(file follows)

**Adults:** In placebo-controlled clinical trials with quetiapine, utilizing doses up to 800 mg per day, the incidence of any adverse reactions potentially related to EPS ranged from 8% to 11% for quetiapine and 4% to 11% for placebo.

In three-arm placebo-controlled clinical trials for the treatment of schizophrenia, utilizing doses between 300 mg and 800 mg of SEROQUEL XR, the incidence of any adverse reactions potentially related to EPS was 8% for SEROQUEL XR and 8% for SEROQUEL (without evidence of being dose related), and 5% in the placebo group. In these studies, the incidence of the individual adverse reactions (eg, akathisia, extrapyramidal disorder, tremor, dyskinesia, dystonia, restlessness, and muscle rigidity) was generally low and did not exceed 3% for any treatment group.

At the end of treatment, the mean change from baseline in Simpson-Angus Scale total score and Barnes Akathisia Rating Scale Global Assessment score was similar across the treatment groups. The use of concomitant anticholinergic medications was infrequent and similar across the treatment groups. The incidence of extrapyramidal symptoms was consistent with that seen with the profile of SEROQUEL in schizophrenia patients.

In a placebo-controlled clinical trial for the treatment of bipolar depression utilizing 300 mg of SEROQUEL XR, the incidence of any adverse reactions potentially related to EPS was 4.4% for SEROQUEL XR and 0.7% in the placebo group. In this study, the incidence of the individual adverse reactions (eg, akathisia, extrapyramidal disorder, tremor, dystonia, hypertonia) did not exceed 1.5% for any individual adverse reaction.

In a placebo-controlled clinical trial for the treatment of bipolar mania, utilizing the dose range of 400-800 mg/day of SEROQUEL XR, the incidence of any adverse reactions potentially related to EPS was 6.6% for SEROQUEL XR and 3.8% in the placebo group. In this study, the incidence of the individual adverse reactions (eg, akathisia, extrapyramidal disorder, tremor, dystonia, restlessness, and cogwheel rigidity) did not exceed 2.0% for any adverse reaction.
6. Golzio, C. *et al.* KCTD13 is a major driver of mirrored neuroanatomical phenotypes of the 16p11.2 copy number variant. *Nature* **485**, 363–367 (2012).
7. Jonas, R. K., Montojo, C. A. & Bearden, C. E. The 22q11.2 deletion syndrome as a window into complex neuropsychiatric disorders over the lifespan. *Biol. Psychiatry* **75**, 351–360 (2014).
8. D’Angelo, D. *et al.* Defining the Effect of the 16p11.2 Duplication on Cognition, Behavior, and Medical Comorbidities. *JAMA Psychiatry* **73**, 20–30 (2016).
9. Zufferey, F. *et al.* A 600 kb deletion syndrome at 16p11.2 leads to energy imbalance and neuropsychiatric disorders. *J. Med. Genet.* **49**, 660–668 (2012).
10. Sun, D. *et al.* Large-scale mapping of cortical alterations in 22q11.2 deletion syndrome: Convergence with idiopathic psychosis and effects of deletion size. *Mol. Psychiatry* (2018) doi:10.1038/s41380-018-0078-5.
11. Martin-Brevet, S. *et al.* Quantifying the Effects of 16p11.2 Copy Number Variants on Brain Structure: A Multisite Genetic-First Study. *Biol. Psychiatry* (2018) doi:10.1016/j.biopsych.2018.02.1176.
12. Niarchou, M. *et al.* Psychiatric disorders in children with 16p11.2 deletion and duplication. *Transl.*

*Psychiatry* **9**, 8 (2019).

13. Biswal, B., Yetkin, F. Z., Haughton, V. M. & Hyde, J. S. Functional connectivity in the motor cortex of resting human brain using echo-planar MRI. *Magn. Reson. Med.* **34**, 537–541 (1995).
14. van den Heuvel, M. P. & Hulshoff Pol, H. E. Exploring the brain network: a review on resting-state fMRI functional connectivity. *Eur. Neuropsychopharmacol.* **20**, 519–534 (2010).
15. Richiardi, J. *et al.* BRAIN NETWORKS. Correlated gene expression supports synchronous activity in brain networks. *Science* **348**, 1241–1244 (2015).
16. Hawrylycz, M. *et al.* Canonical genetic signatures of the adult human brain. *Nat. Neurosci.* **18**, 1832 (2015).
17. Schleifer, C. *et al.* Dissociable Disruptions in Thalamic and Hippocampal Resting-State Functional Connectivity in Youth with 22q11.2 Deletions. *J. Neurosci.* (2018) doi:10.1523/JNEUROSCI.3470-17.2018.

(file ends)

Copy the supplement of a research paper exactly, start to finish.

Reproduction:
**Adults:** In placebo-controlled clinical trials with quetiapine, utilizing doses up to 800 mg per day, the incidence of any adverse reactions potentially related to EPS ranged from 8% to 11% for quetiapine and 4% to 11% for placebo.

In three-arm placebo-controlled clinical trials for the treatment of schizophrenia, utilizing doses between 300 mg and 800 mg of SEROQUEL XR, the incidence of any adverse reactions potentially related to EPS was 8% for SEROQUEL XR and 8% for SEROQUEL (without evidence of being dose related), and 5% in the placebo group. In these studies, the incidence of the individual adverse reactions (eg, akathisia, extrapyramidal disorder, tremor, dyskinesia, dystonia, restlessness, and muscle rigidity) was generally low and did not exceed 3% for any treatment group.

At the end of treatment, the mean change from baseline in Simpson-Angus Scale total score and Barnes Akathisia Rating Scale Global Assessment score was similar across the treatment groups. The use of concomitant anticholinergic medications was infrequent and similar across the treatment groups. The incidence of extrapyramidal symptoms was consistent with that seen with the profile of SEROQUEL in schizophrenia patients.

In a placebo-controlled clinical trial for the treatment of bipolar depression utilizing 300 mg of SEROQUEL XR, the incidence of any adverse reactions potentially related to EPS was 4.4% for SEROQUEL XR and 0.7% in the placebo group. In this study, the incidence of the individual adverse reactions (eg, akathisia, extrapyramidal disorder, tremor, dystonia, hypertonia) did not exceed 1.5% for any individual adverse reaction.

In a placebo-controlled clinical trial for the treatment of bipolar mania, utilizing the dose range of 400-800 mg/day of SEROQUEL XR, the incidence of any adverse reactions potentially related to EPS was 6.6% for SEROQUEL XR and 3.8% in the placebo group. In this study, the incidence of the individual adverse reactions (eg, akathisia, extrapyramidal disorder, tremor, dystonia, restlessness, and cogwheel rigidity) did not exceed 2.0% for any adverse reaction.
6. Golzio, C. *et al.* KCTD13 is a major driver of mirrored neuroanatomical phenotypes of the 16p11.2 copy number variant. *Nature* **485**, 363–367 (2012).
7. Jonas, R. K., Montojo, C. A. & Bearden, C. E. The 22q11.2 deletion syndrome as a window into complex neuropsychiatric disorders over the lifespan. *Biol. Psychiatry* **75**, 351–360 (2014).
8. D’Angelo, D. *et al.* Defining the Effect of the 16p11.2 Duplication on Cognition, Behavior, and Medical Comorbidities. *JAMA Psychiatry* **73**, 20–30 (2016).
9. Zufferey, F. *et al.* A 600 kb deletion syndrome at 16p11.2 leads to energy imbalance and neuropsychiatric disorders. *J. Med. Genet.* **49**, 660–668 (2012).
10. Sun, D. *et al.* Large-scale mapping of cortical alterations in 22q11.2 deletion syndrome: Convergence with idiopathic psychosis and effects of deletion size. *Mol. Psychiatry* (2018) doi:10.1038/s41380-018-0078-5.
11. Martin-Brevet, S. *et al.* Quantifying the Effects of 16p11.2 Copy Number Variants on Brain Structure: A Multisite Genetic-First Study. *Biol. Psychiatry* (2018) doi:10.1016/j.biopsych.2018.02.1176.
12. Niarchou, M. *et al.* Psychiatric disorders in children with 16p11.2 deletion and duplication. *Transl.*

*Psychiatry* **9**, 8 (2019).

13. Biswal, B., Yetkin, F. Z., Haughton, V. M. & Hyde, J. S. Functional connectivity in the motor cortex of resting human brain using echo-planar MRI. *Magn. Reson. Med.* **34**, 537–541 (1995).
14. van den Heuvel, M. P. & Hulshoff Pol, H. E. Exploring the brain network: a review on resting-state fMRI functional connectivity. *Eur. Neuropsychopharmacol.* **20**, 519–534 (2010).
15. Richiardi, J. *et al.* BRAIN NETWORKS. Correlated gene expression supports synchronous activity in brain networks. *Science* **348**, 1241–1244 (2015).
16. Hawrylycz, M. *et al.* Canonical genetic signatures of the adult human brain. *Nat. Neurosci.* **18**, 1832 (2015).
17. Schleifer, C. *et al.* Dissociable Disruptions in Thalamic and Hippocampal Resting-State Functional Connectivity in Youth with 22q11.2 Deletions. *J. Neurosci.* (2018) doi:10.1523/JNEUROSCI.3470-17.2018.